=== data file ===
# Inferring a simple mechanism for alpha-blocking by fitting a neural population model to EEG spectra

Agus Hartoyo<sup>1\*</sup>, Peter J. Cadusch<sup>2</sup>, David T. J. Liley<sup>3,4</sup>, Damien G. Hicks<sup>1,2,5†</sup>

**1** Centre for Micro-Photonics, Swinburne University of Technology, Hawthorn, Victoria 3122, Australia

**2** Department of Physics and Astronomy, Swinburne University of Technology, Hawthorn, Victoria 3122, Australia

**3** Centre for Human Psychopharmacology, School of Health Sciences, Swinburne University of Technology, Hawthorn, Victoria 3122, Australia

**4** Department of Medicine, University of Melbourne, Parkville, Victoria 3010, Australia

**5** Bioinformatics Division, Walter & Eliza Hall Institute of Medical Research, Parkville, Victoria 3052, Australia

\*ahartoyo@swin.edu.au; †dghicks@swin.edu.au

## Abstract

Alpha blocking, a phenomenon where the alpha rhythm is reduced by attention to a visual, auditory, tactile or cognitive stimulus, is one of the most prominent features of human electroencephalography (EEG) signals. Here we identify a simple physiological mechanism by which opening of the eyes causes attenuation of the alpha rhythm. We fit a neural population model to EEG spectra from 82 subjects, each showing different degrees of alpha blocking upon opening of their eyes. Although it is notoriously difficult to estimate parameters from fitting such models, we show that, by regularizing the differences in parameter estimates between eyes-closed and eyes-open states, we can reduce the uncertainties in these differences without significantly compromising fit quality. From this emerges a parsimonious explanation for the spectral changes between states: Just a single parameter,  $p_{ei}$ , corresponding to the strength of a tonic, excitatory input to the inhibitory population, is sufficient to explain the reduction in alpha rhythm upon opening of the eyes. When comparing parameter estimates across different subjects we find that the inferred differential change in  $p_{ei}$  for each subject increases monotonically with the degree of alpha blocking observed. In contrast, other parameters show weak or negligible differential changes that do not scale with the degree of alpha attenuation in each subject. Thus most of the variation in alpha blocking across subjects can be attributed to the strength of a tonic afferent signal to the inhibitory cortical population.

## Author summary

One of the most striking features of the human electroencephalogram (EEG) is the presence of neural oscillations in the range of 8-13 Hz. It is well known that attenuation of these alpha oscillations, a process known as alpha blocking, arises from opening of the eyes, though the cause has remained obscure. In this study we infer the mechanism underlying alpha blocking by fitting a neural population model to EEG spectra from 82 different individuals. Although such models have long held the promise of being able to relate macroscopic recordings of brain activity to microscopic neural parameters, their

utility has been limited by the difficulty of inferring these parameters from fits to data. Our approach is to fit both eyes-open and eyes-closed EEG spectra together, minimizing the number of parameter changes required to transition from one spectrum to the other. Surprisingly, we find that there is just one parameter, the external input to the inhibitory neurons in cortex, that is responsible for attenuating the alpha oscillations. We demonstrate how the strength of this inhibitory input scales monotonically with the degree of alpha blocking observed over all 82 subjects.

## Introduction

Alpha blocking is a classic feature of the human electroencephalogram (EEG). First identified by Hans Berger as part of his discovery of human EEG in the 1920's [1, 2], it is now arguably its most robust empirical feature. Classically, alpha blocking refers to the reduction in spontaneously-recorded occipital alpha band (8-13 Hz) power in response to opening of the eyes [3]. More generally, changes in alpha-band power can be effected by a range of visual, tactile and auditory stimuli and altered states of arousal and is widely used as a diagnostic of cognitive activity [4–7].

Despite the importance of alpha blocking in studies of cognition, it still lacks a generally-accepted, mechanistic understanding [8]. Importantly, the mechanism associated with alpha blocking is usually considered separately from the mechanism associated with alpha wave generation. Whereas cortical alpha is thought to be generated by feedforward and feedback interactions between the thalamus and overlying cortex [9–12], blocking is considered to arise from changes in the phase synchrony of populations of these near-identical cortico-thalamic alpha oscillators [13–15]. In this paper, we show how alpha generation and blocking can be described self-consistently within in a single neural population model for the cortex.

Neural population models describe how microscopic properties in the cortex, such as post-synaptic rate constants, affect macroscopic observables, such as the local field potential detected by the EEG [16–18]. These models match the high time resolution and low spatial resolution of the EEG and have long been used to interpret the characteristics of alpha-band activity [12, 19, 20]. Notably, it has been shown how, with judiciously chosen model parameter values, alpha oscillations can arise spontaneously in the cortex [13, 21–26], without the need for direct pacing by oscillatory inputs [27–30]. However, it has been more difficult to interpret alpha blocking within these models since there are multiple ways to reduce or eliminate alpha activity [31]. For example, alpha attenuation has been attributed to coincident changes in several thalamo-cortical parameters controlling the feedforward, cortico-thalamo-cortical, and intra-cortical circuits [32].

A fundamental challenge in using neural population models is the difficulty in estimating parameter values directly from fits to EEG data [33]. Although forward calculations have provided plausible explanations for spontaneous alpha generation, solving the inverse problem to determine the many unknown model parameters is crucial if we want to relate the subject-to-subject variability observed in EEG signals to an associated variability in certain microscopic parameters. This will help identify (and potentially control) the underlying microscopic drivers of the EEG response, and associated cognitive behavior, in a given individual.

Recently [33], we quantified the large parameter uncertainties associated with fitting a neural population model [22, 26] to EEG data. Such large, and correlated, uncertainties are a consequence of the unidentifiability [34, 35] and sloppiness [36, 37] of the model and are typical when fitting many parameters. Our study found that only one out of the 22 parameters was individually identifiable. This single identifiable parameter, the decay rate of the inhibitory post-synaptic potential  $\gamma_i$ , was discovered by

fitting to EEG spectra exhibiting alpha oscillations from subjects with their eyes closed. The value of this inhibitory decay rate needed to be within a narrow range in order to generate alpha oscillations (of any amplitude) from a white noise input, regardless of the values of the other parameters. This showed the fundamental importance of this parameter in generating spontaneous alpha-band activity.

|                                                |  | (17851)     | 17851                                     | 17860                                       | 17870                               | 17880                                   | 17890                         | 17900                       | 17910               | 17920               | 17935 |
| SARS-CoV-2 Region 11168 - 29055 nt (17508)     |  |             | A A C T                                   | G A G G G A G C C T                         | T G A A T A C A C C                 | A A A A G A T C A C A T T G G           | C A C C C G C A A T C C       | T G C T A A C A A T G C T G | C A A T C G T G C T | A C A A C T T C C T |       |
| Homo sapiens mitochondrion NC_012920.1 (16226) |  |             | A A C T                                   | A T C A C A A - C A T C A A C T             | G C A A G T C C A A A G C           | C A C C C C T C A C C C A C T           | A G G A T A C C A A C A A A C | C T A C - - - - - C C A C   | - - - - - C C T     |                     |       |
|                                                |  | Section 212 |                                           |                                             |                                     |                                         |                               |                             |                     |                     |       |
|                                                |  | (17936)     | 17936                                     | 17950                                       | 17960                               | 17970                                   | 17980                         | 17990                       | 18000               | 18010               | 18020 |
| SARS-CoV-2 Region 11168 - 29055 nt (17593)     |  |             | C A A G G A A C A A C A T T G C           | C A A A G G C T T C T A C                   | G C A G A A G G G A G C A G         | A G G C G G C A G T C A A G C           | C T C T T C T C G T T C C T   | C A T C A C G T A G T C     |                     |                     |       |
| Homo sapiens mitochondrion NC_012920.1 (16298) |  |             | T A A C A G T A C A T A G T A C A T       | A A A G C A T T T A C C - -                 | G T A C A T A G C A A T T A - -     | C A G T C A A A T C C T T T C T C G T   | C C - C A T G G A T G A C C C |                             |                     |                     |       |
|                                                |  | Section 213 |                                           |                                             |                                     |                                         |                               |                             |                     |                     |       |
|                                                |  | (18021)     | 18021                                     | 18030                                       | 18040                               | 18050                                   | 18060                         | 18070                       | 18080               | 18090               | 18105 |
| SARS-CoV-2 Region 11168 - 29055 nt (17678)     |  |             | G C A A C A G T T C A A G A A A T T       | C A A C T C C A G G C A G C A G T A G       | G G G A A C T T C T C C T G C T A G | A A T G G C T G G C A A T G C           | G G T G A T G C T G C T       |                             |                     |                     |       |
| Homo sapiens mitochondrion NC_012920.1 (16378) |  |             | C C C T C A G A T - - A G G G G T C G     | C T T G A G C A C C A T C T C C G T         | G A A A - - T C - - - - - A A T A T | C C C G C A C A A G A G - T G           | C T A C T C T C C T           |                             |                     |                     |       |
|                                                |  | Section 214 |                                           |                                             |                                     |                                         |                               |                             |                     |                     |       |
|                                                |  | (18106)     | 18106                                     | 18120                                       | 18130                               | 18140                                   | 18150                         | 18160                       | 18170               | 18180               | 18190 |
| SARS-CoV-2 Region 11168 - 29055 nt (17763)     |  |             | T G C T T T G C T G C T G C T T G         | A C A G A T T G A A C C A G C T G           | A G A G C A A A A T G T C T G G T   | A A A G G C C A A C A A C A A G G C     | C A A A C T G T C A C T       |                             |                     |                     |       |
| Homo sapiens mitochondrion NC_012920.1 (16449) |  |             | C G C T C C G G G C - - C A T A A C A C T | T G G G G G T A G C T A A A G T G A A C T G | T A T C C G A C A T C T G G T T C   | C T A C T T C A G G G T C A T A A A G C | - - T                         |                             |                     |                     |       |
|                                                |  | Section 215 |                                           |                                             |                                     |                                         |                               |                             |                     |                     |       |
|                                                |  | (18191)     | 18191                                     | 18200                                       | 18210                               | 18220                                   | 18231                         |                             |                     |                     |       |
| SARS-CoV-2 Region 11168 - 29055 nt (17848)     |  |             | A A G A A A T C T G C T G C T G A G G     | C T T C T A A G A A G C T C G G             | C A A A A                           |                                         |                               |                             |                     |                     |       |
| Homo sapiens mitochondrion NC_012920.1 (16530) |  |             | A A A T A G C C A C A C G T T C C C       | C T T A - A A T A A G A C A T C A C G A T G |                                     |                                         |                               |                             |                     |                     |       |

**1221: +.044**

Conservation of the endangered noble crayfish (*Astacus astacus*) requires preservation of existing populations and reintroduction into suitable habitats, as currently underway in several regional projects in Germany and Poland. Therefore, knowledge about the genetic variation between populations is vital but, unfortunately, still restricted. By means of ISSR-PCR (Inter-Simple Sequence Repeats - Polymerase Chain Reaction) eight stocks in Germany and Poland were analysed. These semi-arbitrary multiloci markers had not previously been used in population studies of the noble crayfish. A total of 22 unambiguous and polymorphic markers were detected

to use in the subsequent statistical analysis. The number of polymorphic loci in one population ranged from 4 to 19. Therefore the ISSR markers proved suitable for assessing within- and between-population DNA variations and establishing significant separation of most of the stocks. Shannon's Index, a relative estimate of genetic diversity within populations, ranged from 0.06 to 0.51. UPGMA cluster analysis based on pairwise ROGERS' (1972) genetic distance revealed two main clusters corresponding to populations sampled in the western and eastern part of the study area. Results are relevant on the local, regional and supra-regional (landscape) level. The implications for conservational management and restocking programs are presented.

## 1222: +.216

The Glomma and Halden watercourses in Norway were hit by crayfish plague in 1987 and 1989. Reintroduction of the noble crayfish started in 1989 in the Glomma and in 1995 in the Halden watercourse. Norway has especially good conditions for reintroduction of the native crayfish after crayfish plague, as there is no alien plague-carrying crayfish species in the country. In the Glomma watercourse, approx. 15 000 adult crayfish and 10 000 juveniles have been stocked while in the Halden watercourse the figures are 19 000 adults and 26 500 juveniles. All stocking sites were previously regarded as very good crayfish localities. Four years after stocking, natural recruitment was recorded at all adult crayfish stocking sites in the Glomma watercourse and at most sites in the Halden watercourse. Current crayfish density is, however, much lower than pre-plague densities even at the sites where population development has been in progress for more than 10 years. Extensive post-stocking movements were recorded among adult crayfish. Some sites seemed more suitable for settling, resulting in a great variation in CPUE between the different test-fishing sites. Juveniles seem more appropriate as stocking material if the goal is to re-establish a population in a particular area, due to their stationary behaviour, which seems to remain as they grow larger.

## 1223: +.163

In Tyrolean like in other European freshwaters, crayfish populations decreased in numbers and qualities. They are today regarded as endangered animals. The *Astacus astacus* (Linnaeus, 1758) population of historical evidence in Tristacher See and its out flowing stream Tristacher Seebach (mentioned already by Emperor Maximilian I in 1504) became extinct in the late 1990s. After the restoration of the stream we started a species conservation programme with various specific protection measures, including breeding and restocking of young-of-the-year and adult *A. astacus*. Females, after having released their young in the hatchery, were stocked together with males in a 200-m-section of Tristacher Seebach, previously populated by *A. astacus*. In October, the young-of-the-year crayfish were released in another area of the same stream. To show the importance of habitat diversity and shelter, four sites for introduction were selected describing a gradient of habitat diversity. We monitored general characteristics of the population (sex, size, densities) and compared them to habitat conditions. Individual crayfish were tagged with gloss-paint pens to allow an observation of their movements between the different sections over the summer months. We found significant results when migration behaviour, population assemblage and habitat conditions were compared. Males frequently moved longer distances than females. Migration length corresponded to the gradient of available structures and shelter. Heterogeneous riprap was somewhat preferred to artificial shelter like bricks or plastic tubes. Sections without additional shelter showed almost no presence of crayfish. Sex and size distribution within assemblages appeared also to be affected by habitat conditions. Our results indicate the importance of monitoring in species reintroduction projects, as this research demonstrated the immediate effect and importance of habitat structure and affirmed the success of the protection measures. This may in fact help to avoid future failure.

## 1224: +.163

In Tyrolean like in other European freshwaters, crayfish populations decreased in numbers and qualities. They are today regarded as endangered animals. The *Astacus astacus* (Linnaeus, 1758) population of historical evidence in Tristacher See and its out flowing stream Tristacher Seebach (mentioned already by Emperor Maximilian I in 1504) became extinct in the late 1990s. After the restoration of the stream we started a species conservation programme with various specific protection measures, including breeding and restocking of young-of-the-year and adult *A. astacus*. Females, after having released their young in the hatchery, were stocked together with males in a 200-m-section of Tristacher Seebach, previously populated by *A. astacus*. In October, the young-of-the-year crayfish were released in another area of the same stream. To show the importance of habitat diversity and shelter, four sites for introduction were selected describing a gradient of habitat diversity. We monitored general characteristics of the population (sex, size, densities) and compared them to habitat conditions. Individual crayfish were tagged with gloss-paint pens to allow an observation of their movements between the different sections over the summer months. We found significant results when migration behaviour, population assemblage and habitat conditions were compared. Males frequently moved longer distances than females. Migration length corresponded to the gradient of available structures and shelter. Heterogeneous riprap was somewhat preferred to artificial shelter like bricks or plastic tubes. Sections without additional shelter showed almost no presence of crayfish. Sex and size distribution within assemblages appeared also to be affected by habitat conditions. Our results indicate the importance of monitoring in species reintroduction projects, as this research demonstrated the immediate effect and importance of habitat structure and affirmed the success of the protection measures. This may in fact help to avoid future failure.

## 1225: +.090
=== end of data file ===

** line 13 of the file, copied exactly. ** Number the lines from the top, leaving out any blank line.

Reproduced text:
utility has been limited by the difficulty of inferring these parameters from fits to data. Our approach is to fit both eyes-open and eyes-closed EEG spectra together, minimizing the number of parameter changes required to transition from one spectrum to the other. Surprisingly, we find that there is just one parameter, the external input to the inhibitory neurons in cortex, that is responsible for attenuating the alpha oscillations. We demonstrate how the strength of this inhibitory input scales monotonically with the degree of alpha blocking observed over all 82 subjects.